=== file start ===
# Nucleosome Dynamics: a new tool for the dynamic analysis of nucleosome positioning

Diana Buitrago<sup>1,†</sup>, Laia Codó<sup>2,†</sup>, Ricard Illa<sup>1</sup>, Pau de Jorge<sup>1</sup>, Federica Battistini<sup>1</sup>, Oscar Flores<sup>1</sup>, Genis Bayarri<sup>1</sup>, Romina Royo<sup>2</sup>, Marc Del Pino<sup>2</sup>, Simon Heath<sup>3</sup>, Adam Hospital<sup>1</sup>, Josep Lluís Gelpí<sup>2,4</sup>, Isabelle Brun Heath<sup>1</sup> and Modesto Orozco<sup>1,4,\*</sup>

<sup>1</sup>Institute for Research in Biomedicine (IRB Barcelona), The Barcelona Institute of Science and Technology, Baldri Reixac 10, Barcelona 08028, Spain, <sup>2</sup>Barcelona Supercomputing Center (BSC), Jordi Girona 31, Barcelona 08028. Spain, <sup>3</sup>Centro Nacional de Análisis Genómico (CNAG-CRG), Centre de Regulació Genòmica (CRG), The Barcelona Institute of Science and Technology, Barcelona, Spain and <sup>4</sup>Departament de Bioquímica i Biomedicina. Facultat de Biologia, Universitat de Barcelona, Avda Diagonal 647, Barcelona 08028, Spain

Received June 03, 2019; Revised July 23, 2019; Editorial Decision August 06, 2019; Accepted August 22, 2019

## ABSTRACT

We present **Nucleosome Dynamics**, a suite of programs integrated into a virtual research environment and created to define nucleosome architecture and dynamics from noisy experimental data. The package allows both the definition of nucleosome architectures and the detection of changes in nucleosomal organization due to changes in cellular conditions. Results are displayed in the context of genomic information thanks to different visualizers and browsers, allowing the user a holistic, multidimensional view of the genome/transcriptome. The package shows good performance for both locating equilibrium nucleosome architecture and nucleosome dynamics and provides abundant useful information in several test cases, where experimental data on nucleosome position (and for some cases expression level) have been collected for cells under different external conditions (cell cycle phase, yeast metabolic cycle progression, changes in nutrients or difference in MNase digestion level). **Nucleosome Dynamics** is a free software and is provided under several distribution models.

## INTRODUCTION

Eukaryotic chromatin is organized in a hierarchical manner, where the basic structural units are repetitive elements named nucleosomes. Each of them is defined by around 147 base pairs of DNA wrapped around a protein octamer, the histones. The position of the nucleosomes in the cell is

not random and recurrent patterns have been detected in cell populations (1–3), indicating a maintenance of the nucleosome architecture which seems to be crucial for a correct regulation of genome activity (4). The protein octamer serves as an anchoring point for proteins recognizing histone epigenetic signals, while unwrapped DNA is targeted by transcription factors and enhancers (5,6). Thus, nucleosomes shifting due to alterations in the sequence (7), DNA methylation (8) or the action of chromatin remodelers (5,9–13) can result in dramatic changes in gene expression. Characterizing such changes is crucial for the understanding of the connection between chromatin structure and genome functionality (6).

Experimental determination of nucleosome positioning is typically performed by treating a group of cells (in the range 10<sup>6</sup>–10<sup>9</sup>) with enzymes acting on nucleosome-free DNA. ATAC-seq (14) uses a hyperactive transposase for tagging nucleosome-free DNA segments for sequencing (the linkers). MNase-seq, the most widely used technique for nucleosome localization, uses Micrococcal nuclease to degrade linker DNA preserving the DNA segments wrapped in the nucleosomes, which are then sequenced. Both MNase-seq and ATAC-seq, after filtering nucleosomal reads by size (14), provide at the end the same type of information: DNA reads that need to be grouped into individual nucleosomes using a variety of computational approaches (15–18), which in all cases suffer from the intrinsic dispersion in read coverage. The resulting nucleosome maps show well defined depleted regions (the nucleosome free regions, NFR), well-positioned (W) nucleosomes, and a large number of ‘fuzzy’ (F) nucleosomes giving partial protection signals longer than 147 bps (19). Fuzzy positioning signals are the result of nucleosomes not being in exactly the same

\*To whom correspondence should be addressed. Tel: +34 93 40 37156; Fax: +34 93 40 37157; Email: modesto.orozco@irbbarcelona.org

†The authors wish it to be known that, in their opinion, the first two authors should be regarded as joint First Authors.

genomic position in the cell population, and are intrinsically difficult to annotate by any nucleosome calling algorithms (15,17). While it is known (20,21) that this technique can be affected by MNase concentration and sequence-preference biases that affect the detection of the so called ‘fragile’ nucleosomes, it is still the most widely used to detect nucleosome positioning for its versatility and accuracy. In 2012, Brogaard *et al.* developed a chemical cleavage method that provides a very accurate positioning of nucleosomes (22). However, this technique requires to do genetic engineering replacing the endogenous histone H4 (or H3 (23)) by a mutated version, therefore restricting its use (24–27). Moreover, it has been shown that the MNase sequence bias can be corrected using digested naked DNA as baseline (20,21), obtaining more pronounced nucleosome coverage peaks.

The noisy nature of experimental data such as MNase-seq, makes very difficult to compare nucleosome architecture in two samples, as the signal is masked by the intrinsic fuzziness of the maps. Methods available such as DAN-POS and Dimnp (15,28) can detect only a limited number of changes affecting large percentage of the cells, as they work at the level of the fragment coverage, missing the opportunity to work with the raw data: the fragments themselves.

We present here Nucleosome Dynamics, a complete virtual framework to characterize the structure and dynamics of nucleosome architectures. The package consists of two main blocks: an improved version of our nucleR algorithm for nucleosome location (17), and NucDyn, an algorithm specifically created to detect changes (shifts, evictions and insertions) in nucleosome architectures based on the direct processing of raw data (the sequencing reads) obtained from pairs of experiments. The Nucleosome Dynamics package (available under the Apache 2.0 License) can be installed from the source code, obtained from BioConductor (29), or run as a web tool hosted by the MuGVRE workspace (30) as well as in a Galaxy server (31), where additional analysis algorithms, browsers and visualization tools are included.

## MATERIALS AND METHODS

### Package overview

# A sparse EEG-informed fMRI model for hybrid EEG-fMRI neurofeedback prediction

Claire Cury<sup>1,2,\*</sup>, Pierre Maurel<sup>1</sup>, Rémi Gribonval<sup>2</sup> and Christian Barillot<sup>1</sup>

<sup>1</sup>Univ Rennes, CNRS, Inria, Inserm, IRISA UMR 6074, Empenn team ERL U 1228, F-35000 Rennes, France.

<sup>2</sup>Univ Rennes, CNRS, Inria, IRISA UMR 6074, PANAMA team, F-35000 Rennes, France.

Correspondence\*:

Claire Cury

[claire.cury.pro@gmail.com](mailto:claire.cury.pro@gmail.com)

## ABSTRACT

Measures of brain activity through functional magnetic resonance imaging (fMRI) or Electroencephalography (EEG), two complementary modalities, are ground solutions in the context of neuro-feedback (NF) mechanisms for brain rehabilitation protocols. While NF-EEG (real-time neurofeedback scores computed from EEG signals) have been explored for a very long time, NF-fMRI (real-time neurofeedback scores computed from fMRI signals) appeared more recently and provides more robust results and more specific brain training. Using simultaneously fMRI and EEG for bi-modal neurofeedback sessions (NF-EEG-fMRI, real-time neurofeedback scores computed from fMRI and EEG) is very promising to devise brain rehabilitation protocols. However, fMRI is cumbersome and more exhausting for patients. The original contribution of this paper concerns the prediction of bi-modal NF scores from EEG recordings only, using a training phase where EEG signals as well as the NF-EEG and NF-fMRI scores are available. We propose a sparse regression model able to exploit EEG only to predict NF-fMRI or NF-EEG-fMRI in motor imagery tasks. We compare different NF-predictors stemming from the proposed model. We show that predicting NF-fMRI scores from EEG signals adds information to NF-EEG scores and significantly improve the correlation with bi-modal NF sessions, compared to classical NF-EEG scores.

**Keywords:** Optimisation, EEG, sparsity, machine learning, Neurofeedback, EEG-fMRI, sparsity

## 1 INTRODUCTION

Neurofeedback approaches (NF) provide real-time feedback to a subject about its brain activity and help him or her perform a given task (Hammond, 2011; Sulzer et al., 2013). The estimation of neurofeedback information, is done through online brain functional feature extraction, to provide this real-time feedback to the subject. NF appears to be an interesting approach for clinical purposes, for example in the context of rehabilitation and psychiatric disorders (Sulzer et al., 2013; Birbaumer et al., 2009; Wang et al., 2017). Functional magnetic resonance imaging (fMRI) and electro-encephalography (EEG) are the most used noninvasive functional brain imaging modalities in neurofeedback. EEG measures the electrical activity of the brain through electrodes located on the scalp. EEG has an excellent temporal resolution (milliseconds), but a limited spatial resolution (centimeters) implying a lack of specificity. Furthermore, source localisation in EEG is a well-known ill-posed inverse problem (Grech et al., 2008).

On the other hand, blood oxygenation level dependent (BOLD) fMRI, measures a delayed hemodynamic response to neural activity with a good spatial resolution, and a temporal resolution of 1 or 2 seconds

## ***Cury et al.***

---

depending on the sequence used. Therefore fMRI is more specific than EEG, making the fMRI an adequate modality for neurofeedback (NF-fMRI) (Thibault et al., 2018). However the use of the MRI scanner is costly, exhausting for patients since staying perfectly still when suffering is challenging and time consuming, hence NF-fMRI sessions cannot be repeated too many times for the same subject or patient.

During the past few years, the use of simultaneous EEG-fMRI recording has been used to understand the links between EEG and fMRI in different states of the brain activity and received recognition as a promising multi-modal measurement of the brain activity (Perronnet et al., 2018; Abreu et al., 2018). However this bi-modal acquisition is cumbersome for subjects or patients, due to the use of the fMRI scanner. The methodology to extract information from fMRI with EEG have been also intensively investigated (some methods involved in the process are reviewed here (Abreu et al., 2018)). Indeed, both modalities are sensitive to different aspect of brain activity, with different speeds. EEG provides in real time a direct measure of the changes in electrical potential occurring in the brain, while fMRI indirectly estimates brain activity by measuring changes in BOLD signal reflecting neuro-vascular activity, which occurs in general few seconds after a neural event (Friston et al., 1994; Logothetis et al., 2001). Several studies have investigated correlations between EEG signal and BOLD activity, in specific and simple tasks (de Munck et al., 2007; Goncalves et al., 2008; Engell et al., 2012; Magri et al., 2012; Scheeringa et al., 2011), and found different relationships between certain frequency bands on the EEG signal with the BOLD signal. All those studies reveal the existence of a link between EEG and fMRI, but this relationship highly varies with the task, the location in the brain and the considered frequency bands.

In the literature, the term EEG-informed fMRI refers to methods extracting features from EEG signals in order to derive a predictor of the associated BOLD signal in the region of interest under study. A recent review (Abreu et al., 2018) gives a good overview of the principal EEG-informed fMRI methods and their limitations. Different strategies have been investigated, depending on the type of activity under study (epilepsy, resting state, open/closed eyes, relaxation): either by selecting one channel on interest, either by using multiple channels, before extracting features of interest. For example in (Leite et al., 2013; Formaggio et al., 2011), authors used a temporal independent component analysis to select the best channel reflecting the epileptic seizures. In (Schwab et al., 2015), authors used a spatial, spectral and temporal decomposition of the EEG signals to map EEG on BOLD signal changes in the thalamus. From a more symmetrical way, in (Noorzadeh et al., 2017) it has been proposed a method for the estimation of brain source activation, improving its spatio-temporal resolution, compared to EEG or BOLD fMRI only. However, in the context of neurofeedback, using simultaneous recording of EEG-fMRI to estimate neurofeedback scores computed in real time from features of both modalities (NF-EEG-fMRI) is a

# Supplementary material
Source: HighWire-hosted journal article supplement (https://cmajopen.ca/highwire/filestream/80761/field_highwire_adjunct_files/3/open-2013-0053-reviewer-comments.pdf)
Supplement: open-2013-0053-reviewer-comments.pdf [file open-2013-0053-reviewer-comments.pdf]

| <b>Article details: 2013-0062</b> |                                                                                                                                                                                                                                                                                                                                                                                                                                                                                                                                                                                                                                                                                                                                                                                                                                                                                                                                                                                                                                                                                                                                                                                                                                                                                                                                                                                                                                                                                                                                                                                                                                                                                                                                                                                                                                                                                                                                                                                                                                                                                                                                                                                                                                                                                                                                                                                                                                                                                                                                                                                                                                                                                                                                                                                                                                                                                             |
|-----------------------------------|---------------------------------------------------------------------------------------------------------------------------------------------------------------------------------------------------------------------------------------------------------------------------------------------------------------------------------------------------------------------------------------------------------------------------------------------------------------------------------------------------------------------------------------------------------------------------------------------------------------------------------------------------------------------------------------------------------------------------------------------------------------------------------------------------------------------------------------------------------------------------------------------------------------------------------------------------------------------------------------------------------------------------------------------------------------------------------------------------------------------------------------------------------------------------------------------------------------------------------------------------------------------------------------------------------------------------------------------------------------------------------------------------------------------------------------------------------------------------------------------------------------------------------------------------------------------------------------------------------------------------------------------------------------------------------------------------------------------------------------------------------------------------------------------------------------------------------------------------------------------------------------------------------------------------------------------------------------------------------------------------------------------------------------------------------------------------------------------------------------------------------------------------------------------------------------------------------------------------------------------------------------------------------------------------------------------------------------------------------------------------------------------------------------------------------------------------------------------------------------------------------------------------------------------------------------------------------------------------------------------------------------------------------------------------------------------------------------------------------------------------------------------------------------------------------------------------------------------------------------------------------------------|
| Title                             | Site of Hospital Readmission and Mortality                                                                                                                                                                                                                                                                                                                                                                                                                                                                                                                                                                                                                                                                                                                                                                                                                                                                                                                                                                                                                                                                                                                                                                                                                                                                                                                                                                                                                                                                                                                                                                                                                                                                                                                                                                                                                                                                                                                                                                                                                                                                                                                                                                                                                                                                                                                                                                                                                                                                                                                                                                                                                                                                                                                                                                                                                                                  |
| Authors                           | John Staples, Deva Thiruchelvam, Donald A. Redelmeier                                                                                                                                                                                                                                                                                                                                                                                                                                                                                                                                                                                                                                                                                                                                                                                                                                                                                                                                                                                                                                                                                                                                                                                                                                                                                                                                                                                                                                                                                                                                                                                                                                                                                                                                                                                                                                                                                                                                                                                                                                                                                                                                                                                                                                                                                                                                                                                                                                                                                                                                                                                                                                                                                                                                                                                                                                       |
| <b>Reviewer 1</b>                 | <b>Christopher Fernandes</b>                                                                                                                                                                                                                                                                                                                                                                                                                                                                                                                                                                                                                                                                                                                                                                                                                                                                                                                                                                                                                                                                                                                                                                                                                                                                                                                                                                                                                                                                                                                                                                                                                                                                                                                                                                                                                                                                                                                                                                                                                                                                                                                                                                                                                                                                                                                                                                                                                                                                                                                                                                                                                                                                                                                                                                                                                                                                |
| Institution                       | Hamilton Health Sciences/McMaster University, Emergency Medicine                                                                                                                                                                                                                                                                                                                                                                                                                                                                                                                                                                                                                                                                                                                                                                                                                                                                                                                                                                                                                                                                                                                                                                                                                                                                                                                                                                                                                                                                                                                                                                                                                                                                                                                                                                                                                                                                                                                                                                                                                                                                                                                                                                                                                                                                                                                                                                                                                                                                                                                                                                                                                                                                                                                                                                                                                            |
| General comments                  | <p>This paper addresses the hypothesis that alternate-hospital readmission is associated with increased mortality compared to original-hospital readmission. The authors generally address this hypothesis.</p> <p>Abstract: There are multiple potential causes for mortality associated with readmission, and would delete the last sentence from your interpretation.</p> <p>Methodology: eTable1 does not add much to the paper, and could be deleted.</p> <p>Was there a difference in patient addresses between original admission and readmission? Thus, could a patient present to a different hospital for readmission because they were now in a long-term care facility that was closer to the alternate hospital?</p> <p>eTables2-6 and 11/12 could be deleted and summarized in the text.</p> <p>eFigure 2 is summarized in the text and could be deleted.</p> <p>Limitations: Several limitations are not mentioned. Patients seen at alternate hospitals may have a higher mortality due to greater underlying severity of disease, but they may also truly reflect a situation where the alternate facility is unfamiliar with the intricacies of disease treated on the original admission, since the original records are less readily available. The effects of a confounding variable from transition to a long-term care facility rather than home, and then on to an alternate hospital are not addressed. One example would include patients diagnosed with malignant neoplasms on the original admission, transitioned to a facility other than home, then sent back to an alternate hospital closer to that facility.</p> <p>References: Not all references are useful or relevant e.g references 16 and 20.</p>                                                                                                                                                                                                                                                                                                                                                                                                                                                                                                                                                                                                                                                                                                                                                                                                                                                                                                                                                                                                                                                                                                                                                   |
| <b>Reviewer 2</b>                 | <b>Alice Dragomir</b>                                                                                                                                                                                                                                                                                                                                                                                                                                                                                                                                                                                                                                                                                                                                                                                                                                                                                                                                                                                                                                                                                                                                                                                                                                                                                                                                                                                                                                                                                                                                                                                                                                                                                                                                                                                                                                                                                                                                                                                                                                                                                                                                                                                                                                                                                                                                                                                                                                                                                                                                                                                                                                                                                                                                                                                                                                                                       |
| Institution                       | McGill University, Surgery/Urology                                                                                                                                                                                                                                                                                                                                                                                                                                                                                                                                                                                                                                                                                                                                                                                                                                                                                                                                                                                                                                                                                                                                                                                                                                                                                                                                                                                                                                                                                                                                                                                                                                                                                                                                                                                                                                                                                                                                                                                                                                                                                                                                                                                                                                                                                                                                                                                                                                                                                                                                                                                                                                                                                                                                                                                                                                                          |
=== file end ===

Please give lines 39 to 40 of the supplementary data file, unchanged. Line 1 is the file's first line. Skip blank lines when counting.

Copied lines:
| <b>Article details: 2013-0062</b> |                                                                                                                                                                                                                                                                                                                                                                                                                                                                                                                                                                                                                                                                                                                                                                                                                                                                                                                                                                                                                                                                                                                                                                                                                                                                                                                                                                                                                                                                                                                                                                                                                                                                                                                                                                                                                                                                                                                                                                                                                                                                                                                                                                                                                                                                                                                                                                                                                                                                                                                                                                                                                                                                                                                                                                                                                                                                                             |
|-----------------------------------|---------------------------------------------------------------------------------------------------------------------------------------------------------------------------------------------------------------------------------------------------------------------------------------------------------------------------------------------------------------------------------------------------------------------------------------------------------------------------------------------------------------------------------------------------------------------------------------------------------------------------------------------------------------------------------------------------------------------------------------------------------------------------------------------------------------------------------------------------------------------------------------------------------------------------------------------------------------------------------------------------------------------------------------------------------------------------------------------------------------------------------------------------------------------------------------------------------------------------------------------------------------------------------------------------------------------------------------------------------------------------------------------------------------------------------------------------------------------------------------------------------------------------------------------------------------------------------------------------------------------------------------------------------------------------------------------------------------------------------------------------------------------------------------------------------------------------------------------------------------------------------------------------------------------------------------------------------------------------------------------------------------------------------------------------------------------------------------------------------------------------------------------------------------------------------------------------------------------------------------------------------------------------------------------------------------------------------------------------------------------------------------------------------------------------------------------------------------------------------------------------------------------------------------------------------------------------------------------------------------------------------------------------------------------------------------------------------------------------------------------------------------------------------------------------------------------------------------------------------------------------------------------|